2020 has been filled with screens. We watched TV shows endlessly, even the bad ones (could I remind you Too hot to handle it and King tiger?) We sat in front of our computers, hastily sending emails and messages to our colleagues. We’ve had Zoom calls for all occasions and meetings, even those that most certainly could have been an email. And yes, we scrolled through fate. If we’ve ever needed an excuse to indulge in a great book (we don’t have one!), 2021 is the time. Fortunately, this year is full of page turners, must reads, and novels that will hurt you because of effortless fancy sentence structure (just me?). That’s why we’ve rounded up our favorite New Year’s fiction picks. If it’s out now, hang your copy; if not, be prepared to pre-order.
Bloomsbury Publishing banned
Welcome to the new feminist frontier, literally. Anna North’s provocative western follows Ada, a 17-year-old who must flee her town after being unable to get pregnant a year after her marriage. It features everything you’ve ever wanted to read: gay cowgirls, a group of feminist outlaws, heists and more. Think The Handmaid’s Tale Meets The First Season Of Westworld.
Detransition of a world, baby
Marie Claire’s February #ReadWithTM pick grapples with personal identity, same-sex parenthood, and polyamorous relationships, which first author Torrey Peters handles with dexterity and empathy. The writing is witty and demanding, the plot is raw and messy, and the climax? You won’t be able to let go.
Pamela Dorman Books The Push
Nothing like a psychological thriller to kick off a new year that hopefully won’t be as psychologically disturbing as it was last year. In Ashley Audrain’s thrilling fiction, a new mother begins to suspect that all is not well with her baby.
St. Martin’s Press The Woman Upstairs
This modern and reinvented adaptation of Jane Eyre trades the Gothic mystery for the secret of the South. In Rachel Hawkins’ latest page turner, expect the forbidden romance you loved in the original tale with all the modern, shiny trims.
Simon & Schuster replicas
So this one isn’t actually a fictional book, but we couldn’t not include it — it’s that good. Nadia Owusu’s powerful memories tell of her nomadic childhood and, perhaps an even more complicated journey, that of self-discovery.
Riverhead Books, nobody talks about it
Welcome to the existential crisis we are all going through. You know, the crippling, catatonic state you enter when you scroll endlessly through the social media void? Author Patricia Lockwood captured this sentiment. In her latest film, a social media celebrity travels the world and is increasingly drawn into her virtual reality, until a shocking text brings her back to the real world. Meta but relatable and sharp, you will talk about No One Is Talking About This.
Catapult fake accounts
I sense a theme here. In Lauren Oyler’s fake accounts, social media serves as the glue to the plot. The day before Donald Trump’s inauguration in 2016, a young woman discovers that her boyfriend is an infamous Internet conspiracy theorist. Subversive and irreverent, fake accounts could finally force you to swear not to hide on the Internet … or make you hide even more.
Grand Central Publishing What’s Mine and Yours
Author Naima Coster has achieved one rare thing: she has written a book that is both timely and timeless, which transcends time and audience. Traversing perspectives and timelines, the reader follows two different North Carolina families after their lives inextricably collide.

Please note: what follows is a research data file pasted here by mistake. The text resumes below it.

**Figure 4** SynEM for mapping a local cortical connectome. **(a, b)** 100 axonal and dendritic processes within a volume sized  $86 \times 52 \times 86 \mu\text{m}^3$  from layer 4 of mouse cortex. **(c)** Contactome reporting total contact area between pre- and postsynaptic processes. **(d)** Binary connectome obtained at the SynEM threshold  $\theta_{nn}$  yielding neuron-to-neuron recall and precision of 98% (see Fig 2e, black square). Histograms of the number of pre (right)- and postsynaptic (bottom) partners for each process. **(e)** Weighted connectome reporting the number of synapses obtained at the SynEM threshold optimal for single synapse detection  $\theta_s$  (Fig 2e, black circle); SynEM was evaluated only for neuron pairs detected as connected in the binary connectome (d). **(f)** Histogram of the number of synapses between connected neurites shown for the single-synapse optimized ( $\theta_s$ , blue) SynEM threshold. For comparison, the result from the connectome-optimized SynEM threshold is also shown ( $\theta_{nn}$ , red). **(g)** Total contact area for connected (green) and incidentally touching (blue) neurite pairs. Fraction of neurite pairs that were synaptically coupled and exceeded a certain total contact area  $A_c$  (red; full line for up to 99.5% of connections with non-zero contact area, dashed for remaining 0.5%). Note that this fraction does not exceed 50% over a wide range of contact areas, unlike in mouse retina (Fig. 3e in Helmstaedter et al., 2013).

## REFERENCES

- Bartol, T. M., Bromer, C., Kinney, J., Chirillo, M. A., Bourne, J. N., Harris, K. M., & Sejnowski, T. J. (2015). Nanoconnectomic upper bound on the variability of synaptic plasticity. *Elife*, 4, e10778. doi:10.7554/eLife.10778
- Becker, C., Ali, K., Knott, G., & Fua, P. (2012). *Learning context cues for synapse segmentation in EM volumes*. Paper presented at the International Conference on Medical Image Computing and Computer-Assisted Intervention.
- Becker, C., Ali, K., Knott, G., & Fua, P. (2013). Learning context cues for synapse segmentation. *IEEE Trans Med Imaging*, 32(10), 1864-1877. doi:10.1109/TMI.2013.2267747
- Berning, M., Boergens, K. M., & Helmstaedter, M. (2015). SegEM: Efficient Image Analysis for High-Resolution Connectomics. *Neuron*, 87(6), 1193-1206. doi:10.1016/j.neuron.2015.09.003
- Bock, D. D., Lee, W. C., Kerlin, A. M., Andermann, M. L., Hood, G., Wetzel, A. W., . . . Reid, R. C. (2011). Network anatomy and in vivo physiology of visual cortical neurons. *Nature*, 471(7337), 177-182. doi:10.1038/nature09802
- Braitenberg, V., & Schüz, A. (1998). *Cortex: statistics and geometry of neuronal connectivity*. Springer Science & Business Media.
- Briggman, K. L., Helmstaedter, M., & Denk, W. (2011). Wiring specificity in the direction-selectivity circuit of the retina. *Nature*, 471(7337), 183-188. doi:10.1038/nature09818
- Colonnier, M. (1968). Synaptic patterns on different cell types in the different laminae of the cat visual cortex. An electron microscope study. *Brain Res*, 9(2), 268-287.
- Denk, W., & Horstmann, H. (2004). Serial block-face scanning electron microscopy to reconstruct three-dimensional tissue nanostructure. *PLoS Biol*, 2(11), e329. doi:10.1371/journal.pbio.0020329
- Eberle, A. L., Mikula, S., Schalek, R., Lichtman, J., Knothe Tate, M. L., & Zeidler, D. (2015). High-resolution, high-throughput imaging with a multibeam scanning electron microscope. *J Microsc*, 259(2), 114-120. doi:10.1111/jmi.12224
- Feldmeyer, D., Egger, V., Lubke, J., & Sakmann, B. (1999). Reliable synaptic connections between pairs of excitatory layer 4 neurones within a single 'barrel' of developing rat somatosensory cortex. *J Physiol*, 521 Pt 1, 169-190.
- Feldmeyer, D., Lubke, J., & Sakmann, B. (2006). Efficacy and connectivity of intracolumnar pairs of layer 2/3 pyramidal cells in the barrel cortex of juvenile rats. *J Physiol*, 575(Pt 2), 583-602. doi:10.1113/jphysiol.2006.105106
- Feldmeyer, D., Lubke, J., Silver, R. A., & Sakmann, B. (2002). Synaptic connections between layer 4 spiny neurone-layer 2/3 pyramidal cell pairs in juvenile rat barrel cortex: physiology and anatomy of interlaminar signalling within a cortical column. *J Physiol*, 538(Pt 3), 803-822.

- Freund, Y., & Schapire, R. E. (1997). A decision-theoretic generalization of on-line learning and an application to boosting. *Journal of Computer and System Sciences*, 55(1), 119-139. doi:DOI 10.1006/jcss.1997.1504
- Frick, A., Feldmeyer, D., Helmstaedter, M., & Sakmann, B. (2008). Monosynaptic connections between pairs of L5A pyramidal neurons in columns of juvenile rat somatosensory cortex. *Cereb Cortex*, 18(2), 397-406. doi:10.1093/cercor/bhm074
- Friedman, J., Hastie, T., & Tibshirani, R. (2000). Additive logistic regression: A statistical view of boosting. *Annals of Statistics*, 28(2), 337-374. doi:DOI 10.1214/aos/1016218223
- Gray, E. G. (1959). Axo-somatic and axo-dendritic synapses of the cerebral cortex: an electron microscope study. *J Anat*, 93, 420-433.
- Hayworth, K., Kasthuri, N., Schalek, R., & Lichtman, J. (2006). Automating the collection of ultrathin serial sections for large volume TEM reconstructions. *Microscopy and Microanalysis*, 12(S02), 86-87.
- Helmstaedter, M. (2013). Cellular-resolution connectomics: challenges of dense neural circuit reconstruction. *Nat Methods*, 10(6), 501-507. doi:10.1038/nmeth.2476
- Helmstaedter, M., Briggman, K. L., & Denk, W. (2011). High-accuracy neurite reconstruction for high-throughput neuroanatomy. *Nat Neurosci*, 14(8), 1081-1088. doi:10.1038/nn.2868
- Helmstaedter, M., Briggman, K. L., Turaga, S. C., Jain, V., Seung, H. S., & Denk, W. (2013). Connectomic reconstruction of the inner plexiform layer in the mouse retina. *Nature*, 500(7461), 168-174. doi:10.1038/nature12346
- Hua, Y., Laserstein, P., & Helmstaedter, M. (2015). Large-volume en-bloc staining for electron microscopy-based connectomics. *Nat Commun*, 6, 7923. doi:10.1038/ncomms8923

Obsessive Calorie Counter Rachel harnesses her compulsive energy in a fascination with Miriam, an Orthodox Jewish woman who works in a frozen yogurt store. Dangerously delicious and utterly idiosyncratic, Milk Fed is the honest and compelling convergence of the diet culture, religion and sex we crave.
Little, Brown and Company How the Penguin Sister Sweeps Her House
Set in the swiftly gentrifying seaside town of Baxter Beach, Barbados, this novel examines issues of class, race, and lessons taught (and disobeyed) over generations. A crime-motivated plot that turns the pages is balanced by subtle charter studies, which makes How the One-Armed Sister Sweeps Her Home just as exciting as it is poignant.
Riverhead Books My Year Abroad
In Chang-rae Lee’s My Year Abroad, Tiller, an average student at best, and Pong, a Chinese immigrant and entrepreneur, become an unlikely duo of businessmen. The storytelling and format is drastic, and that’s what makes it so fun.
Little, Brown and Company Who is Maud Dixon?
Alexandra Andrew’s buzzing new novel has all the tricks of a book turned blockbuster. Our heroine Florence is a newbie editor who lands a dream job helping a high-profile and completely anonymous writer. After a mysterious accident overseas causes her new boss to disappear, Florence decides it might be time for some old-fashioned identity fraud.
Knopf cries in H Mart
Not really fiction, but we couldn’t help but plug in this excellent book (and a choice of #ReadWithMC bookstore!). Michelle Zauner’s memoir is a delightful and satisfying read on the famous Korean grocery chain. Zauner deals with family, food and mourning with care.
Simon & Schuster The last thing he said to me
When her one-year-old husband suddenly disappears (among the most mysterious of circumstances, as any “gripping thriller!”), A woman must uncover the truth – and protect her stepdaughter, who hates her. . . Just kidding, but it’s addicting. Let the drama begin!
Atria Books The Other Black Girl
Zakiya Dalila Harris’ brilliant debut is a sharp, devious and wickedly funny, not-so-satric take on the racial prejudices of the publishing industry. In The Other Black Girl, editorial assistant Nella Rogers is the only black person at her job until a new girl joins the team. But then things start to get grim… You’re going to rip that nimble, quick-witted social commentary with a flashlight under the covers.